“If you think you can ignore IPv6, think again. As new IPv4 addresses cannot be acquired the industry will be faced with customers / partners / suppliers who can only be reached via IPv6. Our industry will need to face the “balkanization” of the Internet. It is time to act and to deploy IPv6 now,” states Yanick Pouffary, NAv6TF Technology Director, IPv6 Forum Fellow and IPv6 Forum (Ready & Enabled) Logo Programs Chairperson.
To test your IPv6 connection and see if the globe is spinning for you, click on this link: http://ipv6forum.org/test_ipv6.php or this link http://test-ipv6.com/
About the Irish IPv6 Task Force
The Irish IPv6 Task Force was established by the Waterford Institute of Technology, HEAnet and the Department of Communications, in 2004. Its membership is drawn from the leading networking and public policy expertise in Ireland including the public sector and academic networks, telecommunications companies, online services companies and general enterprise. Since it was formed it has promoted within Ireland the issues relating to IPv4 depletion and IPv6 migration, including organising two successful IPv6 Summits in 2009 and 2010, the videos and presentations are available online http://www.ipv6.ie/summit2010 and summit2009. The Task Force encourages companies to plan for IPv6 deployment as a matter of urgency, and has provided freely reusable online training materials to help with this engagement.
About the IPv6 Forum
The IPv6 Forum is a world-wide consortium of leading vendors, Internet service vendors, National research & Education Networks (NRENs) and international ISPs, with a clear mission to promote IPv6 by improving market and user awareness, creating a quality and secure Next Generation Internet and allowing world-wide equitable access to knowledge and technology. The key focus of the IPv6 Forum today is to provide technical guidance for the deployment of interoperability thru its IPv6 Ready & Enabled Logo Programs :www.ipv6ready.org & http://www.ipv6forum.com/ipv6_enabled/
For further information, please contact:
Dr Mícheál Ó Foghlú,
Chair, Irish IPv6 Task Force
Executive Director Research, TSSG, Waterford IT
Tel: + 353-51-302963
mofoghlu att tssg.org
I just read an interesting blog post from Jeff Atwood Coding Horror: Lived Fast, Died Young, Left a Tired Corpse (thanks to @rjroger)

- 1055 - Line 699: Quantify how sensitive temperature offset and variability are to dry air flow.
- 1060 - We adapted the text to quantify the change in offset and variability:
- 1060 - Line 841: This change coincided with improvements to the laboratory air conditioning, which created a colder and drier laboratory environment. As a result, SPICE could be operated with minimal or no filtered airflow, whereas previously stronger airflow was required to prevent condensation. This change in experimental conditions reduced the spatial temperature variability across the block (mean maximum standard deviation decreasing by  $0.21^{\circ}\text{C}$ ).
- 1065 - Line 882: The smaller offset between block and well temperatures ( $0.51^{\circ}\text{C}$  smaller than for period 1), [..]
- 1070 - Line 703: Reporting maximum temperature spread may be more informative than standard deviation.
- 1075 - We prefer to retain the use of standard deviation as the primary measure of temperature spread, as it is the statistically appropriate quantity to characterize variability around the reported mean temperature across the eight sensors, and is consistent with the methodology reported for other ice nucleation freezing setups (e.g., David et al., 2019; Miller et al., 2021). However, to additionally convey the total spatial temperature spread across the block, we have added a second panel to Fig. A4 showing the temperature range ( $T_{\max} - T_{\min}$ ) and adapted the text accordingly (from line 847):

The post has links to the documentary film of Netscape pushing to release open source with a tight deadline: Code Rush. For a very long time, Code Rush was almost impossible to find, but the activism of Andy Baio nudged the director to make the film available under Creative Commons.
IANA, the Internet authority, has assigned its last batches of IPv4 addresses to the RIRs (Regional Internet Registries), putting pressure on companies to adopt IPv6. See the Irish IPv6 Task Force for more information, particularly the last two Irish IPv6 Summits in 2010 and 2009, lots of good slides and videos on-line.
Geoff Huston's prediction model now cites only the next projected deadline, when RIR's allocation will run out. His prediction model for the IANA /8 pool, that I have been tracking since 2005, has now reached its reality checkpoint: 1st Feb 2011.
So in a very real way today marks the beginning of the end of the Internet as we know it. This morning, the Internet authority IANA allocated two batches of IPv4 addresses to APNIC, the regional Internet registry of the Asia Pacific, leaving just five batches (known as /8s) in the global pool.
Some time ago, the Regional Internet Registries (RIRs) agreed that, when IANA got down to the last five /8s, IANA would allocate them automatically to the five RIRs, regardless of whether or not those registries needed more IP addresses at the time. That day has arrived, meaning that IANA’s stock of IPv4 addresses is now fully depleted.
I am tempted to say "The end of the world is neigh!" but in fact things will continue much as normal for some time. The point is that when the RIRs run out, that's it, no more IPv4 (or very expensive recycled IPv4). So we have probably less than one year to migrate to IPv6, if want the Internet to continue to be able to grow. Of course this is not feasible, so we are now pretty much guaranteed a messy overlap period of a fully allocated IPv4 Internet that cannot grow any further co-existing with a fresh new IPv6 world that has not yet grown to be the same size, but will do so over time (years? decades?). I really hope we can push people to migrate quickly, as I like the idea of an Internet that can grow, and I hope you do too.
Please Act Now!
And I'm quoted here: Silicon Rebublic, Internet to run out of available IP addresses tomorrow (based on what was said at the previous Irish IPv6 Summit in May 2010).